The 74 and 75 seasons both ended with losses to the eventual champion Steelers. At the dawn of the 76 season, the Raiders came out more determined than ever. Madden told the team that they were not going to do anything fancy, but they were just going to be better than everyone else. By that season, the Raiders were known as the team that could not win the big one. The Raiders played with a renewed fire that year and beat the Steelers in the AFC championship game, and beat the Minnesota Vikings in Super Bowl XI.
The 77 season promised to be a good one for the defending champions, but it did not go quite as planned. They entered the playoffs as a wild card, but still made it to the AFC championship game after winning the divisional game against the Baltimore Colts in one of the greatest games ever played. (It is called the Ghost to the Post game, and if you ever get a chance to see it on ESPN Classic, I suggest it.) In the championship game, The Broncos had a lead, and were working to go in for another touchdown, but Rob Lyttle fumbled the ball, and it was recovered by the Raiders, but the refs said it was not a fumble in another travesty of justice, and the Broncos went on to lose to the Cowboys in the Super Bowl.
After the 78 season Madden retired citing health reasons, and went on to a storied career in broadcasting. Madden was replaced by former Raider player and asst coach Tom Flores.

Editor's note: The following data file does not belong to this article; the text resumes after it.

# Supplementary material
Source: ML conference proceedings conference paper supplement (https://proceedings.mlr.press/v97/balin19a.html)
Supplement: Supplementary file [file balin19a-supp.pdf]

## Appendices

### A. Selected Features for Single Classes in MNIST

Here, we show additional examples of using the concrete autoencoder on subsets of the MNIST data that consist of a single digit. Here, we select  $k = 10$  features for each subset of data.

Back to the top
The last couple of years of the 70s saw a major remaking of the Raider roster. Fixtures such as linebacker Phil Villapiano and QB Ken Stabler were traded. Willie Brown and Fred Belitnikoff had retired. It looked like the Raiders were set to go into a rebuilding mode.
The 1980 season started out inauspiciously. It seemed that the team could not find its rhythm. Then starting QB Dan Pastorini was hurt and Jim Plunkett took over the reigns. Plunk led the team to a wild card birth, which the team parlayed into a third Super Bowl appearance. The Raiders demolished the Philadelphia Eagles to win their second world championship in 4 years.
End of an era
Following the 1981 season, Davis announced that he was moving the team from their home in Oakland to Los Angeles. The 1981 season had been dismal, and included being shut out three games in a row.
The 82 season brought a new face to the Raiders in future Hall of Farmer Marcus Allen. He would help the team compile one of the best records in the league that strike shortened year, only to lose to the New York Jets in the playoffs.
The 83 season saw the Raiders defeat the Washington Redskins for their third Lombardi trophy in a game that saw Allen set the Super Bowl rushing record and bring home the MVP trophy. This would prove to be the last Lombardi trophy that the team would bring home for the next two generations.
The Raider Mystique
During this period of dominance, the Raiders built up a powerful mystique that they were going to win, and ground you into the turf to do it. They played with an intensity that few teams could match. Al Davis always did whatever was necessary to make sure that the best players available would wear the Silver and Black.
The fans at the Oakland Coliseum were among the loudest and proudest of all fans. Oakland at the time was a tough blue collar city, and the Raiders were a tough blue collar team. They played hard and partied hard. It was well known that many of the players would party with the fans at the bars around the training camps in Santa Rosa. There was a synergy there.
Rise and Fall of the Oakland Raiders Empire to be contined
- Part II: The Fall
- Part III: The Future Monday 22 February 2010
(Article re-dited from an article posted on TFDS in February 2006)